Debt-Ceiling: An Absurd, Unnecessary Law

The debt-ceiling circus in Washington continues as I write this.  The Republicans seem bound and determined to ruin the “full faith and credit” of the United States, while President Obama is frustrated that the Republicans won’t accept his deals to cut Social Security and Medicare.  None of this is necessary.  We don’t need a debt ceiling.  It’s absurd. It’s counterproductive.  It’s self-destructive.

James Surowiecki of The New Yorker writes (emphasis is mine):

The truth is that the United States doesn’t need, and shouldn’t have, a debt ceiling. Every other democratic country, with the exception of Denmark, does fine without one. There’s no debt limit in the Constitution. And, if Congress really wants to hold down government debt, it already has a way to do so that doesn’t risk economic chaos—namely, the annual budgeting process. The only reason we need to lift the debt ceiling, after all, is to pay for spending that Congress has already authorized. If the debt ceiling isn’t raised, we’ll face an absurd scenario in which Congress will have ordered the President to execute two laws that are flatly at odds with each other. If he obeys the debt ceiling, he cannot spend the money that Congress has told him to spend, which is why most government functions will be shut down. Yet if he spends the money as Congress has authorized him to he’ll end up violating the debt ceiling.

As it happens, the debt ceiling, which was adopted in 1917, did have a purpose once—it was a way for Congress to keep the President accountable. Congress used to exercise only loose control over the government budget, and the President was able to borrow money and spend money with little legislative oversight. But this hasn’t been the case since 1974; Congress now passes comprehensive budget resolutions that detail exactly how the government will tax and spend, and the Treasury Department borrows only the money that Congress allows it to. (It’s why TARP, for instance, required Congress to pass a law authorizing the Treasury to act.) This makes the debt ceiling an anachronism. These days, the debt limit actually makes the President less accountable to Congress, not more: if the ceiling isn’t raised, it’s President Obama who will be deciding which bills get paid and which don’t, with no say from Congress.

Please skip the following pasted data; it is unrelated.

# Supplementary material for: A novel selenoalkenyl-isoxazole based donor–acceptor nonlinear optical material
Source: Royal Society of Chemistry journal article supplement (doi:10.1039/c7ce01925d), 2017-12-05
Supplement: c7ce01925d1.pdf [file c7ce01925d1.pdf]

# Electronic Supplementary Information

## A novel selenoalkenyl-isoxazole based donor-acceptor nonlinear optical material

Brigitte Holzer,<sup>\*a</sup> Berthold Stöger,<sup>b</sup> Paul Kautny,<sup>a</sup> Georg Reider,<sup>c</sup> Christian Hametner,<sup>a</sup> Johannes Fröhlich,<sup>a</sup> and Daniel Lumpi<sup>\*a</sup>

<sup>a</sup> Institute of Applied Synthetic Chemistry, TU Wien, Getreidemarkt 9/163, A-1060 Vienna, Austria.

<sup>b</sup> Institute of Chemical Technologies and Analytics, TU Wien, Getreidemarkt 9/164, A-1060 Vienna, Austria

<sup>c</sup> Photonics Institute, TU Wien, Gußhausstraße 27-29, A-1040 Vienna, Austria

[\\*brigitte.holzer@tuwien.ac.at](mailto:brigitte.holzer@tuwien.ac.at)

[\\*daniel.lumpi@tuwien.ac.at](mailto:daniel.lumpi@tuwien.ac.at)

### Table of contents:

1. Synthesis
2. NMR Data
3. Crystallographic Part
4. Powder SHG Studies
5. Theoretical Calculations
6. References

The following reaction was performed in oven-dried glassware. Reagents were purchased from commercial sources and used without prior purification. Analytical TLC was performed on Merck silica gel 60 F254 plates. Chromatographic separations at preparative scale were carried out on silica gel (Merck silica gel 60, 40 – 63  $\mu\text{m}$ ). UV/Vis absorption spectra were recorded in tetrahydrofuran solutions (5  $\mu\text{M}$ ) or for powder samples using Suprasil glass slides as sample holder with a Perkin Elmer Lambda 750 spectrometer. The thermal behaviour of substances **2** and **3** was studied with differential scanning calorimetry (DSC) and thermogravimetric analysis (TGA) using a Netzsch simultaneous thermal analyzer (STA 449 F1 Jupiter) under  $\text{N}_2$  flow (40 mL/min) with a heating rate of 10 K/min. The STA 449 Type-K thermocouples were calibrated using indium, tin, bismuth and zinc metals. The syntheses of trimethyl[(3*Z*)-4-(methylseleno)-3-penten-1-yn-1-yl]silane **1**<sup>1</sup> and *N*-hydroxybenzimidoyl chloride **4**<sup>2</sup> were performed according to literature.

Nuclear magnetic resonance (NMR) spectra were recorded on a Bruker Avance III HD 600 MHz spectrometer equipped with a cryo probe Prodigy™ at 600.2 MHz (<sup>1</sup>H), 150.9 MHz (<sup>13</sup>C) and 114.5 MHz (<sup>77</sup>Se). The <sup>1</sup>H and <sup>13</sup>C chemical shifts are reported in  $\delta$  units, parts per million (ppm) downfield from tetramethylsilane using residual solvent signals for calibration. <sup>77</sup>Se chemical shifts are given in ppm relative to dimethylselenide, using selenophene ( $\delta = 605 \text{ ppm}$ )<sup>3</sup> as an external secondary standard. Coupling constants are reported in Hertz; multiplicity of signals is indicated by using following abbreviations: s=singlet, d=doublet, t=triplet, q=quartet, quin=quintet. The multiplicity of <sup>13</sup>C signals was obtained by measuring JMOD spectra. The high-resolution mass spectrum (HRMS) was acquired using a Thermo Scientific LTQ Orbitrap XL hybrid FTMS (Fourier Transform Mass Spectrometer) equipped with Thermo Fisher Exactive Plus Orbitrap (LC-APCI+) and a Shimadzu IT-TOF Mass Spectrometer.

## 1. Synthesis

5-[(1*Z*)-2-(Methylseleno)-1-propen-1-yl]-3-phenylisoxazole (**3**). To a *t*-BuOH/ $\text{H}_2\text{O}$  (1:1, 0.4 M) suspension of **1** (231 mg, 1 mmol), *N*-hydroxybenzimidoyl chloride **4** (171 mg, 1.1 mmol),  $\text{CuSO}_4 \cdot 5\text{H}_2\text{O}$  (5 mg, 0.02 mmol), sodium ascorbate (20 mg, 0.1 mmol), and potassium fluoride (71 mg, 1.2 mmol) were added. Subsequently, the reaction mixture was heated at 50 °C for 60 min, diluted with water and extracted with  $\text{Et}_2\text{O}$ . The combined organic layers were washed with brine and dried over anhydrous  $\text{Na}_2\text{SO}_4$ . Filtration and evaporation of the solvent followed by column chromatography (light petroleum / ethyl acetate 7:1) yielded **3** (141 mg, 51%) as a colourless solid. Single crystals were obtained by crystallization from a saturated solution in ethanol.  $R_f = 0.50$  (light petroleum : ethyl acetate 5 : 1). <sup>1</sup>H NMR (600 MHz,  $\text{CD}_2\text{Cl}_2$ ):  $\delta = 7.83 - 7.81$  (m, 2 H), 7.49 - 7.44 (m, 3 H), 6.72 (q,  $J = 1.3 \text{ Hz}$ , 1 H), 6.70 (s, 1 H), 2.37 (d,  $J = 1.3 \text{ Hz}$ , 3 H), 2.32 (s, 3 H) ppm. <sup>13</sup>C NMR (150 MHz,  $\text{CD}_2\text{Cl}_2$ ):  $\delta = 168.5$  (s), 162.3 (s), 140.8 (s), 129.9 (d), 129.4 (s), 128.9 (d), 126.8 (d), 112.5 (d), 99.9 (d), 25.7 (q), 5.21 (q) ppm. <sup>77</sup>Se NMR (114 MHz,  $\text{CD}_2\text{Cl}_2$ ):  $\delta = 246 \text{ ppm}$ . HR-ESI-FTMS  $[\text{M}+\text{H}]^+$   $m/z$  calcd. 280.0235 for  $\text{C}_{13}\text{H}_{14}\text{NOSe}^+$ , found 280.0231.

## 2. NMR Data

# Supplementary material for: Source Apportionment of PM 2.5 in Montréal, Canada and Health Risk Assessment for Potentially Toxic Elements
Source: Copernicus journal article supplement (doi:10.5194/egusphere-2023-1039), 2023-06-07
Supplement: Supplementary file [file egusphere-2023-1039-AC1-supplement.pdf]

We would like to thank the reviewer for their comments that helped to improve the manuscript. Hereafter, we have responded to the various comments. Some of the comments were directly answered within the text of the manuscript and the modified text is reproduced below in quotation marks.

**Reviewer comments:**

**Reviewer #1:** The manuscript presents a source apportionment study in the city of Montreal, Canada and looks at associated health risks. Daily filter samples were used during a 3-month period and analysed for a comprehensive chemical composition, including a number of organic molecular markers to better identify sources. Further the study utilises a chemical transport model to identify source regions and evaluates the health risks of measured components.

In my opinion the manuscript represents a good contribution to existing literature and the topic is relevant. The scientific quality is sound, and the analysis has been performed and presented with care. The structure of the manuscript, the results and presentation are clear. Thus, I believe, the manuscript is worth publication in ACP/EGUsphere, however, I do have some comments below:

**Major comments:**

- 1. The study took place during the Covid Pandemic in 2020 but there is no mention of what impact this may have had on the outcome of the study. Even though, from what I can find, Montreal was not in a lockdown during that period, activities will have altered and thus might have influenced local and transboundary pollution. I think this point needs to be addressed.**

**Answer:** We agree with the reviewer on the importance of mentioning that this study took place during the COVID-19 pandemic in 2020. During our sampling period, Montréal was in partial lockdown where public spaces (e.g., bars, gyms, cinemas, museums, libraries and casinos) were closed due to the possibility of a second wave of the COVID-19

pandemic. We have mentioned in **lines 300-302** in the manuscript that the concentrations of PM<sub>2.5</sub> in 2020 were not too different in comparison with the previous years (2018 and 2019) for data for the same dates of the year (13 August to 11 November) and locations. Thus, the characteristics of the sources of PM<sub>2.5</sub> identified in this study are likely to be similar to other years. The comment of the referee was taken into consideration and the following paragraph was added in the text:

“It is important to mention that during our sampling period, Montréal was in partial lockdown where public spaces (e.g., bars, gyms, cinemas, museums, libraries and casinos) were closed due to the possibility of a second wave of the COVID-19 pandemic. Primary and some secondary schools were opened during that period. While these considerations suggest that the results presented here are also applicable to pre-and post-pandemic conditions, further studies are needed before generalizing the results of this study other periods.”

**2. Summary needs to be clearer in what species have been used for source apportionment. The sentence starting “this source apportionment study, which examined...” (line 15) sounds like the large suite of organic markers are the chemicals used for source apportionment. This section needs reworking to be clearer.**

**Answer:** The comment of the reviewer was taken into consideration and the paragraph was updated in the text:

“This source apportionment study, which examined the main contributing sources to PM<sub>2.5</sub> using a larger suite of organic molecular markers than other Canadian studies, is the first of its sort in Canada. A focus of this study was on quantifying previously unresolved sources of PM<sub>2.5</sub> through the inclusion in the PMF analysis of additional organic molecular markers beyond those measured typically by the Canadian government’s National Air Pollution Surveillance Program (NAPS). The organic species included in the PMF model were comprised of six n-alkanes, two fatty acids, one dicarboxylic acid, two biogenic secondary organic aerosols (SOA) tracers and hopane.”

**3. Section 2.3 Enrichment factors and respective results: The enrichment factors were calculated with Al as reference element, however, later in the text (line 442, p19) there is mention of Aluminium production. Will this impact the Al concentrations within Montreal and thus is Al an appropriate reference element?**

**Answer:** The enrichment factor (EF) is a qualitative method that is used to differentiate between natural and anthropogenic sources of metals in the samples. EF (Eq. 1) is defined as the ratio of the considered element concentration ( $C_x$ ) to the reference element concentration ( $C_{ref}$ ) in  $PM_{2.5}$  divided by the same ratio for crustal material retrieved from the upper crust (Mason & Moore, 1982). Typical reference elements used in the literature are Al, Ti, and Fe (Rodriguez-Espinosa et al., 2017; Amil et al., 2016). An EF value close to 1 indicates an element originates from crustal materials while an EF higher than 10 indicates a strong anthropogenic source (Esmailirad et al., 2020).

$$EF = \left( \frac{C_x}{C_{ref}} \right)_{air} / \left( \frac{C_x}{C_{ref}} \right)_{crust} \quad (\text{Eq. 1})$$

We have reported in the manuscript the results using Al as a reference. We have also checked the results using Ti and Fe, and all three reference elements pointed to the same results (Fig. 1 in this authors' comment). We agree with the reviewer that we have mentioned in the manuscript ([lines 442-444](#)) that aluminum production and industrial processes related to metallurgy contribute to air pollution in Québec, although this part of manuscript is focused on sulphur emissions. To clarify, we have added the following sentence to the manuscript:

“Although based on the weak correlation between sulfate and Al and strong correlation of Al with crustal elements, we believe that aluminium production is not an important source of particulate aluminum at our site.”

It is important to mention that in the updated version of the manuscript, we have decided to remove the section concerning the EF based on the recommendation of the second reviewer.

What happens if they don’t vote to raise the debt ceiling? Nobody knows.  There’s lots of scenarios.  It all depends on how crowds of people react and how those same crowds think the others in the crowd will react.  It’s unpredictable.  Interest rates might go up, they might go down, they might stay put.  Two things are for sure, though.  There will be lots of trading and uncertainty in financial markets with increased volatility.  And more important, if a default translates into the government actually spending significantly less money next month than now, then GDP is for sure going down.  Any government spending cut of greater than 10% immediately puts us back into recession – maybe even less.

So what’s really going on?  Well both the Republicans in Congress and President Obama are trying to accomplish non-budget goals that they can’t do by normal means.  Both are trying to radically scale back aspects of government that are too popular to do head-on.  They’re trying to cut Social Security, cut Medicare, raise the age on Medicare, change Obama’s healthcare plan, and other things that polls show are very popular.  So they’re trying to do it under cover of “having to for the debt”.  Except that they don’t have to do it.  The debt-ceiling law is totally unnecessary and contrived.

4 thoughts on “Debt-Ceiling: An Absurd, Unnecessary Law

  1. Pingback: What Is Obama Waiting For? « EconProph

  2. Thank you for the concise explanation of why the U.S. does not need the debt ceiling.
    The political nonsense surrounding this issue from our President on through the Senate and Congress reaffirms their appearance of arguing, childish, name calling, non-productive big mouths.
    We so desperately need political integrity combined with common sense & compassion.

  3. Pingback: Government Budget Cutting SLOWS the Economy – That’s Why It’s Called Contractionary Fiscal Policy « EconProph

  4. Pingback: There Is An Efffective Way to Reduce Government Deficit: Employment. But They Won’t Take That Route. « EconProph

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